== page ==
While we were all busy arguing whether our cellphones could affect planes, one security researcher was busily hacking into aircraft and potentially gaining access to engine control. An ill-advised tweet got infosec specialist Chris Roberts barred from a United flight last month, after he joked about tinkering with aircraft systems like passenger emergency oxygen control. Turns out, so documentation submitted by the FBI reveals, Roberts’ abilities were even greater, to the point of momentarily controlling engine thrust.
The saga started on April 15th, when Roberts told Twitter followers that he was on a 737-800 and suggested he had access to the plane’s control systems. Perhaps unsurprisingly, he was promptly prevented from flying, had his laptop confiscated, and was banned from traveling with United ever again.
Find myself on a 737/800, lets see Box-IFE-ICE-SATCOM, ? Shall we start playing with EICAS messages? "PASS OXYGEN ON" Anyone ? :)
— Chris Roberts (@Sidragon1) April 15, 2015
According to search warrant documentation, meanwhile, Roberts supposedly told the FBI that his exploits granted him far more control than had even initially been feared. In two interviews, APTN reports, he admitted to having used weaknesses in the in-flight entertainment systems on Boeing and Airbus aircraft to break in on as many as twenty occasions.
The hacks took place between 2011 and 2014, Roberts claimed, during actual flights.
“He stated that he successfully commanded the system he had accessed to issue the ‘CLB’ or climb command,” FBI agent Mike Hurley wrote in the document. “He stated that he thereby caused one of the airplane engines to climb resulting in a lateral or sideways movement of the plane during one of these flights.”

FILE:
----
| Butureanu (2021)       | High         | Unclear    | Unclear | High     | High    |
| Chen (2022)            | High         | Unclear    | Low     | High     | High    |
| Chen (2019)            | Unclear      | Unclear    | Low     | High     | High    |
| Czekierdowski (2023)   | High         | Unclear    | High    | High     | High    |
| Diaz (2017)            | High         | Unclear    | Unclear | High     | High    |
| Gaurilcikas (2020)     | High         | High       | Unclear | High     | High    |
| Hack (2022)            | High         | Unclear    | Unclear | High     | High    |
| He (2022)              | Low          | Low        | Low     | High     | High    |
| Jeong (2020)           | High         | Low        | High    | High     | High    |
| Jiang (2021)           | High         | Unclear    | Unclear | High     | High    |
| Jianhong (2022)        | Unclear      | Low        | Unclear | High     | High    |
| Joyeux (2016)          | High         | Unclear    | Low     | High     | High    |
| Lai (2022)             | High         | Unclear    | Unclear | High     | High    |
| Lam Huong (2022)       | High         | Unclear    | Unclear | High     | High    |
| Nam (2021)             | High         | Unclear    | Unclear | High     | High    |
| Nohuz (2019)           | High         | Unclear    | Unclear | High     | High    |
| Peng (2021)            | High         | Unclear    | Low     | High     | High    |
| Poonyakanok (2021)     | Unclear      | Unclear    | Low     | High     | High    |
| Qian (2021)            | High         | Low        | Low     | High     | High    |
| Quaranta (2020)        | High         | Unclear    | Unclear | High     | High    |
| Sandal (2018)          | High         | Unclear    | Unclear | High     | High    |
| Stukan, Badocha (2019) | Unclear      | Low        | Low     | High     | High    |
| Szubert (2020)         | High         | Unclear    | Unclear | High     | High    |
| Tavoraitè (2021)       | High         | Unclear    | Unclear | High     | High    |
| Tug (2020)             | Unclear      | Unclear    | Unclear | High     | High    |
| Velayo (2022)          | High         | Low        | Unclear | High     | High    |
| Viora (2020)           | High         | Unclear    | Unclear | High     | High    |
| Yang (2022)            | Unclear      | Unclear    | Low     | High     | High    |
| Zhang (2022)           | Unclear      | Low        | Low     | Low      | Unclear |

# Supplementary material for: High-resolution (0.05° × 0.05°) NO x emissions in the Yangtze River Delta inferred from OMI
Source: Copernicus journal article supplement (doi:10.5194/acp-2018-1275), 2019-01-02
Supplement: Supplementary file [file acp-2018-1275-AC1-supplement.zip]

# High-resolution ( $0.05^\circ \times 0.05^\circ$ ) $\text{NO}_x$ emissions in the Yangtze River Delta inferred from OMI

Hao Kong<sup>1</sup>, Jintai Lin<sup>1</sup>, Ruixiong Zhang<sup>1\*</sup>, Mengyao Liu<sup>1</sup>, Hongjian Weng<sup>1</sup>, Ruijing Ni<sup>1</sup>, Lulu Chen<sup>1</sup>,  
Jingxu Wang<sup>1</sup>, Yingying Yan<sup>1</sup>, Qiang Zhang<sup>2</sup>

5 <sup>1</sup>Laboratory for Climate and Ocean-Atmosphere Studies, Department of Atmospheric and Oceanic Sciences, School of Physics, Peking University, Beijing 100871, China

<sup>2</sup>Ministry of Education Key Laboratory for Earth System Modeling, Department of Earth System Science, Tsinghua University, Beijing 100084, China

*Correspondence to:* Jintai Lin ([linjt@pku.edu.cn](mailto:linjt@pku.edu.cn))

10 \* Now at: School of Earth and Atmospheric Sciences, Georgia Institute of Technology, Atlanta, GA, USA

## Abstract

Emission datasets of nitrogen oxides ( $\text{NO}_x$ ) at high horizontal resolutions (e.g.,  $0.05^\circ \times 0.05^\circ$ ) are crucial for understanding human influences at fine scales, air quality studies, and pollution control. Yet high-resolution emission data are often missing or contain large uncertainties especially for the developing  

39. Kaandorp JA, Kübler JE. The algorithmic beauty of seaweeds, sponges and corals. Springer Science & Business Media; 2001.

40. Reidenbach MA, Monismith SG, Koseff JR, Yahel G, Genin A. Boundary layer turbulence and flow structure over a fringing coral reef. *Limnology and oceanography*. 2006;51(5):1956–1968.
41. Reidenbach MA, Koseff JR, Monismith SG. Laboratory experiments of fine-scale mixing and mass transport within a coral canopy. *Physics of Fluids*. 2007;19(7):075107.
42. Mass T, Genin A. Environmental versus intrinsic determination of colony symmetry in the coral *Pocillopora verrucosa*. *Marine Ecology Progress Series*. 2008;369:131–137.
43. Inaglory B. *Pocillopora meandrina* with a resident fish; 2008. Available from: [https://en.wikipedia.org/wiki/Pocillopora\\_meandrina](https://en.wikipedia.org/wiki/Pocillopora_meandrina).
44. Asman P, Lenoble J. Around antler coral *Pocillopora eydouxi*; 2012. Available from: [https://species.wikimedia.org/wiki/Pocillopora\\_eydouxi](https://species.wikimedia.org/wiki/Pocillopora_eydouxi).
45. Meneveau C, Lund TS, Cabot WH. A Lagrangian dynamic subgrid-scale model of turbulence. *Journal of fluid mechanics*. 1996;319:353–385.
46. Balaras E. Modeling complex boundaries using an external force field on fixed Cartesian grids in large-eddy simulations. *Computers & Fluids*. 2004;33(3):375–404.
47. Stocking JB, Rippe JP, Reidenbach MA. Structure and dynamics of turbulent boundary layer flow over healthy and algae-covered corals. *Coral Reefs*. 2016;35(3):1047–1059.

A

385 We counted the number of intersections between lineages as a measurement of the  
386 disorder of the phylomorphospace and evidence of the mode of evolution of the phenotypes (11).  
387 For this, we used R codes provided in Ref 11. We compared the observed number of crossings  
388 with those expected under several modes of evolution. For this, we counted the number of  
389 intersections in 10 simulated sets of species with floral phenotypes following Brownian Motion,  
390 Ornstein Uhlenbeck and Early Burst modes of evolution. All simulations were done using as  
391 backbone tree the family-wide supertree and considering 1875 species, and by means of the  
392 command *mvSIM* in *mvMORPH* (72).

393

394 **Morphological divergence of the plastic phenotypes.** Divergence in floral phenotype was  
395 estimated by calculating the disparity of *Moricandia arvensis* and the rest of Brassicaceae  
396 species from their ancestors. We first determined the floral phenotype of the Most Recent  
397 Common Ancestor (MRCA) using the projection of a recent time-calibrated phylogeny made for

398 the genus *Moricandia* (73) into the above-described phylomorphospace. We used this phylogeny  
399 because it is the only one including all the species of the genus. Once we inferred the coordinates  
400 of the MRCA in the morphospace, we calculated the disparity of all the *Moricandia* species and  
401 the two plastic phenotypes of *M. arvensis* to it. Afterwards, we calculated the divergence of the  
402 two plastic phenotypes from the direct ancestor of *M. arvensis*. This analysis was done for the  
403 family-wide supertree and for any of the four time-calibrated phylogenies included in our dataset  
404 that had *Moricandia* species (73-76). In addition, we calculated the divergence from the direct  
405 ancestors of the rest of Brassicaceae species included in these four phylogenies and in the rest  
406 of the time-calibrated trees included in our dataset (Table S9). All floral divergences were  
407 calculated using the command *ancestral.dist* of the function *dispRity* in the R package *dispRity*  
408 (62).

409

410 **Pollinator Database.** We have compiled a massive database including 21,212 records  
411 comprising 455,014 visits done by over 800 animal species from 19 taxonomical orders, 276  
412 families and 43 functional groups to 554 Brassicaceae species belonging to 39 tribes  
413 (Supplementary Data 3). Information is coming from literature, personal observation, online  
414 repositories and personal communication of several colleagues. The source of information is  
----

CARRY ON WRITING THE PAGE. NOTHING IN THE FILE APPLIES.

Investigators examining the seats Roberts had booked in discovered evidence that the in-flight entertainment boxes had indeed been tampered with, though he claims not to have done so on that particular flight. The hack supposedly involved connecting a hidden ethernet port to Roberts’ MacBook Pro using a modified cable, and then using Vortex software to monitor cockpit data among other things.
For his part, the One World Labs security researcher maintains that his in-flight handiwork only ever extended to eavesdropping, telling Wired that the engine hack was done on a simulation instead.
On Twitter, Roberts argued that much of the furore around his tinkering was being taken “out of context.”
It's busy…and a LOT of its out of context I'm afraid https://t.co/mWvYzNpDRW
— Chris Roberts (@Sidragon1) May 16, 2015
While he would not clarify the discrepancies between his claims made to Wired and the contents of the FBI report, he did say that it was one small portion of a much broader conversation.
“It would appear from what I’ve seen that the federal guys took one paragraph out of a lot of discussions and a lot of meetings and notes and just chose that one as opposed to plenty of others” Chris Roberts
It’s not the only recent security scare around flying, however. Last August, another researcher claimed to have discovered a way to hack into an aircraft over WiFi, taking advantage of weaknesses in the networking hardware sold by a number of providers to airlines.
Meanwhile, United has rolled out a new program whereby security researchers who spot flaws in its systems can be rewarded with a big chunk of airmiles, just as long as they inform the airline rather than use the exploit nefariously.